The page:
10 years have passed since the magnitude 7.1 Darfield earthquake shook the ground beneath Canterbury, kicking off what has been a decade of significant earthquake activity in New Zealand. Non-structural seismic specialist Dr Andrew Baird reflects on the growing importance of ensuring non-structural elements are considered in earthquakes, given his first hand experience.
When the 2010 Darfield earthquake struck, I had just started a postgrad research project at the University of Canterbury, looking at ways to reduce earthquake damage to non-structural elements in buildings. The experiments I had planned in the university lab that summer were intended to replicate earthquake damage to buildings.
The quake itself closed the lab and my tests were scuppered. Instead, laid out across the city of Christchurch were thousands of real-world examples of earthquake damage to learn from. Unbeknown to me at the time, the Darfield quake would shape my career. It would lead me to obtain a PhD in earthquake engineering in 2014, and to working as a consulting engineer for Beca, where I’ve spent much of my time improving the seismic performance of non-structural elements in buildings - so we don’t see as much damage next time there’s a decent shake.
What are non-structural elements?
Over the past decade, there has been a shift in the way that engineers approach the design of a building. The damage to buildings that occurred in Christchurch and later in Wellington during the 2016 Kaikoura earthquake, highlighted that getting a structure through an earthquake is not enough. It is also necessary to get a building’s fitout, fabric and contents through the earthquake too. Such items are often grouped together in what we call ‘non-structural elements’ – these are all the parts of a building that are essential to its functioning, but are not there to hold the building up; such as ceilings, partitions, HVAC systems, electrical systems, plumbing and drainage etc.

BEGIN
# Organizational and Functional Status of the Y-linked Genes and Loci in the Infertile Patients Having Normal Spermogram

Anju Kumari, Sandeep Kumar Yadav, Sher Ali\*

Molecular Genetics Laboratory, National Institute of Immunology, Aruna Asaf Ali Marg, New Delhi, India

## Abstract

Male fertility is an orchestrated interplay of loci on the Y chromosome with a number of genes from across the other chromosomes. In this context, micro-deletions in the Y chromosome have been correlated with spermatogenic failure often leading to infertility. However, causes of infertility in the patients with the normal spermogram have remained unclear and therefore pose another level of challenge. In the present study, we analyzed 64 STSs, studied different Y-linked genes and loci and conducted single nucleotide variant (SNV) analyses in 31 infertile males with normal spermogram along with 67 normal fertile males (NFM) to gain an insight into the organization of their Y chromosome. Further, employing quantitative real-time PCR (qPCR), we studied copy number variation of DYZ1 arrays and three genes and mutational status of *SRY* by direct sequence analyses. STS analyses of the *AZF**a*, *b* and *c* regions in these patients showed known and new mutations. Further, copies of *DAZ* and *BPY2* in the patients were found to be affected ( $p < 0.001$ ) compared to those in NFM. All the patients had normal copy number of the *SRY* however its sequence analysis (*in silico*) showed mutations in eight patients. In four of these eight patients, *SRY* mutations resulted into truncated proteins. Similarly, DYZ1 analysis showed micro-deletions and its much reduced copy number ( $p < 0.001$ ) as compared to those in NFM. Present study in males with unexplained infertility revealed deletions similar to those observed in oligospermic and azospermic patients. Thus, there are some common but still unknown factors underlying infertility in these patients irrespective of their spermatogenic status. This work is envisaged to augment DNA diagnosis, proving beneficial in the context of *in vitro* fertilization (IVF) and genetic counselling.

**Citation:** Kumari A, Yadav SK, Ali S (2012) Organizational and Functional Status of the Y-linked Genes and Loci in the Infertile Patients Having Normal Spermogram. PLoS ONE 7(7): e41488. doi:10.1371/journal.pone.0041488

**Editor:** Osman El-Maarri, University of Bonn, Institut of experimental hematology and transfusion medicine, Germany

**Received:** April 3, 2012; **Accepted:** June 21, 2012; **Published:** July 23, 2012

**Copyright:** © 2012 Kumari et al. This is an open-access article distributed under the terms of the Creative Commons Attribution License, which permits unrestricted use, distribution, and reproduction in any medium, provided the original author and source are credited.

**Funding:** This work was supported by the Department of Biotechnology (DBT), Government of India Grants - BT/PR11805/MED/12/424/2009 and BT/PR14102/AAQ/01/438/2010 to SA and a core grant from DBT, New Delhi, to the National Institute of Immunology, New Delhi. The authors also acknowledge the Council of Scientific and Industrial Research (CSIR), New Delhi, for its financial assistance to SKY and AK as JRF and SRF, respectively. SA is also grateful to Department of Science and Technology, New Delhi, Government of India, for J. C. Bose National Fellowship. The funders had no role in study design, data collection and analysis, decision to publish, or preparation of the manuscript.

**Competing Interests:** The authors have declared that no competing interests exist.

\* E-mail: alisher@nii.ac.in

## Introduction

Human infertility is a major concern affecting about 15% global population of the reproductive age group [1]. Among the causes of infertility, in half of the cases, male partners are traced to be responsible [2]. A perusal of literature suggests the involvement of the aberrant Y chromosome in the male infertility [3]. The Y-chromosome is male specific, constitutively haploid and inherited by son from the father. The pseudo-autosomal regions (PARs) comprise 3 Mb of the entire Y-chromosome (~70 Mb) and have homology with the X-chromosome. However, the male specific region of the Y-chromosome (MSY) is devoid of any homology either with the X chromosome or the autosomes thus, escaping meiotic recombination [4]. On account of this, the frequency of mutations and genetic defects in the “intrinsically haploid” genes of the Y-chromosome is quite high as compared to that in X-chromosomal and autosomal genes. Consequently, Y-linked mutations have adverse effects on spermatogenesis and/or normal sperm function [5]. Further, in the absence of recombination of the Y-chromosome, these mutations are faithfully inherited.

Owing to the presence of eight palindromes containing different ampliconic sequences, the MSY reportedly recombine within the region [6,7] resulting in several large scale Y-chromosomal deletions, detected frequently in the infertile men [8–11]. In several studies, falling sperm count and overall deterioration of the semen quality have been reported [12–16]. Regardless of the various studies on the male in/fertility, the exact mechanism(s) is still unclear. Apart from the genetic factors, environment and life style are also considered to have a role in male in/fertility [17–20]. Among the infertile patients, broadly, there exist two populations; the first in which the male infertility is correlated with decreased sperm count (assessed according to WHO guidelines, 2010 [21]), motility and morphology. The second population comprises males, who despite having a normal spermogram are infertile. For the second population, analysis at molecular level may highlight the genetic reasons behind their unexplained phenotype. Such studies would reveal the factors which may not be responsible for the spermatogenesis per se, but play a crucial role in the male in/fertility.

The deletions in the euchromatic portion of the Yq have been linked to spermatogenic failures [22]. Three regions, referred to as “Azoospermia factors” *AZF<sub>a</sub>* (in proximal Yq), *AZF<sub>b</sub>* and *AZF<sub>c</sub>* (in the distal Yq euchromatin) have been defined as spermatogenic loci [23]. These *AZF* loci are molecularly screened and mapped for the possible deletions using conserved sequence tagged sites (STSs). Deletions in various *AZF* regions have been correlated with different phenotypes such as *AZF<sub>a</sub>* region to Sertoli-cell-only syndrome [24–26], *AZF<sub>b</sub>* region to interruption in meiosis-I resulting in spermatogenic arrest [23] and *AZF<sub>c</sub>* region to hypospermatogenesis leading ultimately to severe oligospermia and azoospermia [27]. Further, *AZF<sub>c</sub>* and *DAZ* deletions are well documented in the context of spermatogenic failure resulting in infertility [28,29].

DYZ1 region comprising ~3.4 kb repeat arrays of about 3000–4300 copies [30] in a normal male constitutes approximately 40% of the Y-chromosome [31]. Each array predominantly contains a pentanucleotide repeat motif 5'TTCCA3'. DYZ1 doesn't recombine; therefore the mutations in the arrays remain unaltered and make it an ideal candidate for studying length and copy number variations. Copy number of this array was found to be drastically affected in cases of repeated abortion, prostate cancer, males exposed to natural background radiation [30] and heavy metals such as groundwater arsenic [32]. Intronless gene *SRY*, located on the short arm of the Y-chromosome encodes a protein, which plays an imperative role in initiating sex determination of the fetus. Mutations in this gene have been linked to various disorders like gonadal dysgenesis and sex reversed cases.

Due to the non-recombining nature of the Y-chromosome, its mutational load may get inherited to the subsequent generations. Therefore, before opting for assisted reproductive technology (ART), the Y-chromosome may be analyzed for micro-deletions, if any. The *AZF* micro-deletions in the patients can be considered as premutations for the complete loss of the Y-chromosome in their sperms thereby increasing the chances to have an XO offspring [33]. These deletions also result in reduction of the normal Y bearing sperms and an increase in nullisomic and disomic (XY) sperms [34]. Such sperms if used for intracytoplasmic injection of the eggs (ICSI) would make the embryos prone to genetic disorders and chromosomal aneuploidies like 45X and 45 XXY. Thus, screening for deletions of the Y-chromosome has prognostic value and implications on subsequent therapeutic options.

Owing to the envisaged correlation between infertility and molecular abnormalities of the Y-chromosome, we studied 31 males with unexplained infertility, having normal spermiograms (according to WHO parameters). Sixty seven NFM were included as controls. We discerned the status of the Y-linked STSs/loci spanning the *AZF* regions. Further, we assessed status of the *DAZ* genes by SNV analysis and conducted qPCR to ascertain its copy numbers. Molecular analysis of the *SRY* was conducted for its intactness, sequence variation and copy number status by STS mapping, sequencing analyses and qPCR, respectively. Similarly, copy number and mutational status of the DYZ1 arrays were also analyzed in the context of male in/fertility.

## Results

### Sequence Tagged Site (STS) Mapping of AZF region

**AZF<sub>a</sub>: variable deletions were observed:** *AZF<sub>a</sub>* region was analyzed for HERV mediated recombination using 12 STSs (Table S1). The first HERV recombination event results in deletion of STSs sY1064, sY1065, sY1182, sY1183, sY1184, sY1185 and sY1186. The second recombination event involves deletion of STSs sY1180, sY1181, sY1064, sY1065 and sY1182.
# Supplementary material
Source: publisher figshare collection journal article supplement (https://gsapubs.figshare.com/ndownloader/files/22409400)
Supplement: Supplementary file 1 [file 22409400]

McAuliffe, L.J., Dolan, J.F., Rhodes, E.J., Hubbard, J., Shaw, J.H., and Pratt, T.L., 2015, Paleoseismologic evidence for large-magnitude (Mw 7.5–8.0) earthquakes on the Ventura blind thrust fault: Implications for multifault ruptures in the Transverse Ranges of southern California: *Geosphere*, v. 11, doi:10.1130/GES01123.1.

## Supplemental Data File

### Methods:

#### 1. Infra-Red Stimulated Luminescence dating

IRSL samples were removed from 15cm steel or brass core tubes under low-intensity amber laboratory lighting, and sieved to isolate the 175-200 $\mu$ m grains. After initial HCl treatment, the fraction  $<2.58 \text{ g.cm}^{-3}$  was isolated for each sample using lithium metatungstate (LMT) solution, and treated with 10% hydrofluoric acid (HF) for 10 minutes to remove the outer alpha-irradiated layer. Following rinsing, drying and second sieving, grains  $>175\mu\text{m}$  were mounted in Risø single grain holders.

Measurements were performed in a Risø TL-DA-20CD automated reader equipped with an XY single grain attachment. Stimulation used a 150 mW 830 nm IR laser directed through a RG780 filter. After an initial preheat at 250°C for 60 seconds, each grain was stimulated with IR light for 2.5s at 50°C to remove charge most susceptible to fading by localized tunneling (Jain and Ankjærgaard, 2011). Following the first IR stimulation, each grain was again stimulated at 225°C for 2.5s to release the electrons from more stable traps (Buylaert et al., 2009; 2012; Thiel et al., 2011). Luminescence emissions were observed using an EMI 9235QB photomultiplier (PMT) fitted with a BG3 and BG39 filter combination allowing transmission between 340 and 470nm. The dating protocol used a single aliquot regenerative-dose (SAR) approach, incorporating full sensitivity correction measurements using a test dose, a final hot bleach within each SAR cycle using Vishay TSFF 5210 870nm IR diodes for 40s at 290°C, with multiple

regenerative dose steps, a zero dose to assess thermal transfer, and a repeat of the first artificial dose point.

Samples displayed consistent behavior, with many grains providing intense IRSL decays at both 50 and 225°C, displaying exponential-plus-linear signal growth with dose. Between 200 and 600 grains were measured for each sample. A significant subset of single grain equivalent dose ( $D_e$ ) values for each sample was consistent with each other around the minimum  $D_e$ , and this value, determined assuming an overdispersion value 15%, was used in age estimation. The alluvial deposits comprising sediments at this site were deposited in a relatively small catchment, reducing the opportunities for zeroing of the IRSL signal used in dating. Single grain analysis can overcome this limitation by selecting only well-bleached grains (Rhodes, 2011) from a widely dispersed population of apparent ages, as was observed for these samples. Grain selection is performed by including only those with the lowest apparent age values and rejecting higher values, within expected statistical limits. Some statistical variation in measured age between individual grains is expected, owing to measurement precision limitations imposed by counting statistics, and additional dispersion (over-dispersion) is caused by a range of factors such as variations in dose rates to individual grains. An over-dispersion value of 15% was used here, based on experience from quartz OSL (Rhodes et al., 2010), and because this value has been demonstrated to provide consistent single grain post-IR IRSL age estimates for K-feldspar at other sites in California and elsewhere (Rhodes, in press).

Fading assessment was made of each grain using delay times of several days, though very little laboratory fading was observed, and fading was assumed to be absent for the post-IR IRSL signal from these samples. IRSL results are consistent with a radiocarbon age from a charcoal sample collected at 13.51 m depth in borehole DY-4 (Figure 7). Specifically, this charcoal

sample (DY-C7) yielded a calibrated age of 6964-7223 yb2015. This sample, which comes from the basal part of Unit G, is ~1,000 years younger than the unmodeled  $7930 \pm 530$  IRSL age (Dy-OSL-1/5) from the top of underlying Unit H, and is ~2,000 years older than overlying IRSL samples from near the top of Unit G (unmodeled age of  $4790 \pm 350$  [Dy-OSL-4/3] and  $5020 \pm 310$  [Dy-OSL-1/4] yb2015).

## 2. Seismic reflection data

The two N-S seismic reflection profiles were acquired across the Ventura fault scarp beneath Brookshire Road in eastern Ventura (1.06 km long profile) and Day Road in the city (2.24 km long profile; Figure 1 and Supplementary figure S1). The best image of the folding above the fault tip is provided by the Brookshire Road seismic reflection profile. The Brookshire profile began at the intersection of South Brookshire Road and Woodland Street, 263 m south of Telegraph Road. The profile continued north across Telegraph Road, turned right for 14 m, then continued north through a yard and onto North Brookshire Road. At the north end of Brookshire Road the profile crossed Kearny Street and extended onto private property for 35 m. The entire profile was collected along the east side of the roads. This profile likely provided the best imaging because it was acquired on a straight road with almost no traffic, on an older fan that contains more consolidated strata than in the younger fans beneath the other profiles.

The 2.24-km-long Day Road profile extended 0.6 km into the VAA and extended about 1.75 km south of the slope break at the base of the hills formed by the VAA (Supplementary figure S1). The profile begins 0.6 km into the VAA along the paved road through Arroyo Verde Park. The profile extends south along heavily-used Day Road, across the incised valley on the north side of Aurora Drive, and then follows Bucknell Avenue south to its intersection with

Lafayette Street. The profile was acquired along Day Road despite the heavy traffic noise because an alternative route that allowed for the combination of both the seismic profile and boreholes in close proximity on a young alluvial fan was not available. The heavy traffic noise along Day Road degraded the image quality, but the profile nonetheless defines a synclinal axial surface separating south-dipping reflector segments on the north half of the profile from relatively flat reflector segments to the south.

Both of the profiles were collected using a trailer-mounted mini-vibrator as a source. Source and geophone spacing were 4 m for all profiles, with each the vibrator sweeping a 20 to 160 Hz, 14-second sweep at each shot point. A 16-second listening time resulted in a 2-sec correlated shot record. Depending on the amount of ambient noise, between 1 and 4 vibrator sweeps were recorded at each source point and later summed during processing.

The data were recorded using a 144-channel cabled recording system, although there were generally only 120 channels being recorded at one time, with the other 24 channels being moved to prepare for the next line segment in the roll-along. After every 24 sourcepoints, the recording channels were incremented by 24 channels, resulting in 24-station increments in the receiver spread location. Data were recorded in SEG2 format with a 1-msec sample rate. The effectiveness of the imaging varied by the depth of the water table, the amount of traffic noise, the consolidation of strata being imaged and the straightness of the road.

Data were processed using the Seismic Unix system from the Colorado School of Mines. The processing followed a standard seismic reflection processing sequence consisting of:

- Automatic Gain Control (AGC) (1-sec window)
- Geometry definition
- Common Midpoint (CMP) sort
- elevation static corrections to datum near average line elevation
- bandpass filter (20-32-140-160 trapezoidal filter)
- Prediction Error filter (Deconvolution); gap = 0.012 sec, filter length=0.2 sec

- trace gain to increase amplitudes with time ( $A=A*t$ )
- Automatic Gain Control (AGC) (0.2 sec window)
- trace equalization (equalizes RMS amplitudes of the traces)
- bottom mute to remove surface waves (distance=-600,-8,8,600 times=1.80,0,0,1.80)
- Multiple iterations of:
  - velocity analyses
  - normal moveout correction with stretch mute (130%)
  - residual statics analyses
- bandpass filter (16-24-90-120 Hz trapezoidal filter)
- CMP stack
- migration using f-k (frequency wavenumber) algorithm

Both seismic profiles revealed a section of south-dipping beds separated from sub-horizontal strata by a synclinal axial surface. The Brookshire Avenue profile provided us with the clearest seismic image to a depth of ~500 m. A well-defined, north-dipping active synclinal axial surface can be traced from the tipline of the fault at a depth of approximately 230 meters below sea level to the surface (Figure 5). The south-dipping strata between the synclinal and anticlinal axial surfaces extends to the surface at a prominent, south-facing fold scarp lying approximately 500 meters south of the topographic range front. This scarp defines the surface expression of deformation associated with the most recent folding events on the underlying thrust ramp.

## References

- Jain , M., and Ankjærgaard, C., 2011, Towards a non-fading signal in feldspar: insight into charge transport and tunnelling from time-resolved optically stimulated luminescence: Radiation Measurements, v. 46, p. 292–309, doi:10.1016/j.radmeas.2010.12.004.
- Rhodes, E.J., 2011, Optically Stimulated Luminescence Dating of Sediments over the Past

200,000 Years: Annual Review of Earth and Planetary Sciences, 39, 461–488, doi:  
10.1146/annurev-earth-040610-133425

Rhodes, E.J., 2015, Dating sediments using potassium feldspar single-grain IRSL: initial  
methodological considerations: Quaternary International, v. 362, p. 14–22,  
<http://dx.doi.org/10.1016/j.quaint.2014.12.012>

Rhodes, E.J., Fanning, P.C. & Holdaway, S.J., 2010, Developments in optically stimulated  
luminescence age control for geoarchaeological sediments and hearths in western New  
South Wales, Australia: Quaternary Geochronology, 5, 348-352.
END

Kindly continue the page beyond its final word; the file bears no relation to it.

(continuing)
Why do we care about non-structural elements?
Non-structural elements comprise up to 70% of a building’s capital value. It’s not surprising then that the damage to these elements in an earthquake has resulted in many buildings being declared economic losses, even when the structure itself was not badly damaged. Damage to non-structural elements also presents a significant risk to building occupants and affects whether the building can be reoccupied following an earthquake. Recent research suggests there is a need to focus on reducing the damage to non-structural elements.
- Non-structural element damage is the main contributor to overall NZ earthquake injuries
- Non-structural element damage is the main contributor to building related property loss and business disruption following an earthquake
What can we do to improve?
You might assume that the poor performance of non-structural elements in recent earthquakes points to shortcomings in the building code and design standards. While improvements to the design standards are necessary to bring them up to date and make them easier to implement, the biggest hurdle remains having appropriate seismic design undertaken and this design being properly implemented. A survey conducted in 2016 for MBIE found that typically between 50-80% of ceilings, partitions and services are inadequately braced in commercial buildings.